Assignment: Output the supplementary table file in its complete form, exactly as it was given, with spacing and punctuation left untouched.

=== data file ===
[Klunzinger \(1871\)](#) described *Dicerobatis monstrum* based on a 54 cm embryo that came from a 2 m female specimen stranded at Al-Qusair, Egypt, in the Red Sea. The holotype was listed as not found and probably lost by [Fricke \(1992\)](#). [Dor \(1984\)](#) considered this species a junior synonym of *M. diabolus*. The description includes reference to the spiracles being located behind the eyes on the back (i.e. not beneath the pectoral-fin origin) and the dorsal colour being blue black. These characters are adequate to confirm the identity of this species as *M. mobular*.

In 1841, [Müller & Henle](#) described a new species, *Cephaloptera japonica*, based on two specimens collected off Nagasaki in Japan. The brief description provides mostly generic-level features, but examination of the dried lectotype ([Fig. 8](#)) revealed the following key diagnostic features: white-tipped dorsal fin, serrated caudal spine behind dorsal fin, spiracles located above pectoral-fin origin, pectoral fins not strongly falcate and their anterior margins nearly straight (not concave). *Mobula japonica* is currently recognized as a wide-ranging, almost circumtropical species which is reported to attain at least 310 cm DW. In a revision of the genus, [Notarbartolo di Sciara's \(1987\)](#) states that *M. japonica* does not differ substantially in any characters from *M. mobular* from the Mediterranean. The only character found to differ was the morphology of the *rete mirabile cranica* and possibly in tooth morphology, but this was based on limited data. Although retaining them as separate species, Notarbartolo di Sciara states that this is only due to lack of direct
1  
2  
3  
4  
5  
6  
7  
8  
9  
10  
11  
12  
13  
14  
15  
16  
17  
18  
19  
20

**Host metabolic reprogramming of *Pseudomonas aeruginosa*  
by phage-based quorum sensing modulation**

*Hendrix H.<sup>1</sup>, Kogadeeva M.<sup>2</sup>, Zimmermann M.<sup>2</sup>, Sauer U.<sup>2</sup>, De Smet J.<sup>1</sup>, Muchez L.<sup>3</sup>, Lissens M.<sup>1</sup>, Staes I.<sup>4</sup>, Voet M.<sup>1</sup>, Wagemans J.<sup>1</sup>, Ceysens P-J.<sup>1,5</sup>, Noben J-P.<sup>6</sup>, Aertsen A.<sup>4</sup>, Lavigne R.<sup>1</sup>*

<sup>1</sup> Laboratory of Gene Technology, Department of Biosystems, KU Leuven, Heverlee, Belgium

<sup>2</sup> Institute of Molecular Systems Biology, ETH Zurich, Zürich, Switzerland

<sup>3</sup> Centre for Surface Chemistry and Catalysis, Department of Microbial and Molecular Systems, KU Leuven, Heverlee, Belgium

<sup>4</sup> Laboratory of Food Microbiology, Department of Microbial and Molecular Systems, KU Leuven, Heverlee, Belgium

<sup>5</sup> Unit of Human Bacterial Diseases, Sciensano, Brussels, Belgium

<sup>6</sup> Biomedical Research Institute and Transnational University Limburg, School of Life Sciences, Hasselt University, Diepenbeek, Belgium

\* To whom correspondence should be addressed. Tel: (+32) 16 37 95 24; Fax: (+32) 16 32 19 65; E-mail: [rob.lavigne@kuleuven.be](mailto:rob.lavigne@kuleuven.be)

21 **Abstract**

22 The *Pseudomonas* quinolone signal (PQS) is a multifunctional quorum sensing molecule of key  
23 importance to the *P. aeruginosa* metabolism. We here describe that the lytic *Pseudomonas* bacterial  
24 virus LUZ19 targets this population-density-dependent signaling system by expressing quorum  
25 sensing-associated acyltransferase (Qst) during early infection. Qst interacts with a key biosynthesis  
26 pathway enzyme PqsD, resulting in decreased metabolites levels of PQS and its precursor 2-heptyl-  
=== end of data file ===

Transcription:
[Klunzinger \(1871\)](#) described *Dicerobatis monstrum* based on a 54 cm embryo that came from a 2 m female specimen stranded at Al-Qusair, Egypt, in the Red Sea. The holotype was listed as not found and probably lost by [Fricke \(1992\)](#). [Dor \(1984\)](#) considered this species a junior synonym of *M. diabolus*. The description includes reference to the spiracles being located behind the eyes on the back (i.e. not beneath the pectoral-fin origin) and the dorsal colour being blue black. These characters are adequate to confirm the identity of this species as *M. mobular*.

In 1841, [Müller & Henle](#) described a new species, *Cephaloptera japonica*, based on two specimens collected off Nagasaki in Japan. The brief description provides mostly generic-level features, but examination of the dried lectotype ([Fig. 8](#)) revealed the following key diagnostic features: white-tipped dorsal fin, serrated caudal spine behind dorsal fin, spiracles located above pectoral-fin origin, pectoral fins not strongly falcate and their anterior margins nearly straight (not concave). *Mobula japonica* is currently recognized as a wide-ranging, almost circumtropical species which is reported to attain at least 310 cm DW. In a revision of the genus, [Notarbartolo di Sciara's \(1987\)](#) states that *M. japonica* does not differ substantially in any characters from *M. mobular* from the Mediterranean. The only character found to differ was the morphology of the *rete mirabile cranica* and possibly in tooth morphology, but this was based on limited data. Although retaining them as separate species, Notarbartolo di Sciara states that this is only due to lack of direct
1  
2  
3  
4  
5  
6  
7  
8  
9  
10  
11  
12  
13  
14  
15  
16  
17  
18  
19  
20

**Host metabolic reprogramming of *Pseudomonas aeruginosa*  
by phage-based quorum sensing modulation**

*Hendrix H.<sup>1</sup>, Kogadeeva M.<sup>2</sup>, Zimmermann M.<sup>2</sup>, Sauer U.<sup>2</sup>, De Smet J.<sup>1</sup>, Muchez L.<sup>3</sup>, Lissens M.<sup>1</sup>, Staes I.<sup>4</sup>, Voet M.<sup>1</sup>, Wagemans J.<sup>1</sup>, Ceysens P-J.<sup>1,5</sup>, Noben J-P.<sup>6</sup>, Aertsen A.<sup>4</sup>, Lavigne R.<sup>1</sup>*

<sup>1</sup> Laboratory of Gene Technology, Department of Biosystems, KU Leuven, Heverlee, Belgium

<sup>2</sup> Institute of Molecular Systems Biology, ETH Zurich, Zürich, Switzerland

<sup>3</sup> Centre for Surface Chemistry and Catalysis, Department of Microbial and Molecular Systems, KU Leuven, Heverlee, Belgium

<sup>4</sup> Laboratory of Food Microbiology, Department of Microbial and Molecular Systems, KU Leuven, Heverlee, Belgium

<sup>5</sup> Unit of Human Bacterial Diseases, Sciensano, Brussels, Belgium

<sup>6</sup> Biomedical Research Institute and Transnational University Limburg, School of Life Sciences, Hasselt University, Diepenbeek, Belgium

\* To whom correspondence should be addressed. Tel: (+32) 16 37 95 24; Fax: (+32) 16 32 19 65; E-mail: [rob.lavigne@kuleuven.be](mailto:rob.lavigne@kuleuven.be)

21 **Abstract**

22 The *Pseudomonas* quinolone signal (PQS) is a multifunctional quorum sensing molecule of key  
23 importance to the *P. aeruginosa* metabolism. We here describe that the lytic *Pseudomonas* bacterial  
24 virus LUZ19 targets this population-density-dependent signaling system by expressing quorum  
25 sensing-associated acyltransferase (Qst) during early infection. Qst interacts with a key biosynthesis  
26 pathway enzyme PqsD, resulting in decreased metabolites levels of PQS and its precursor 2-heptyl-  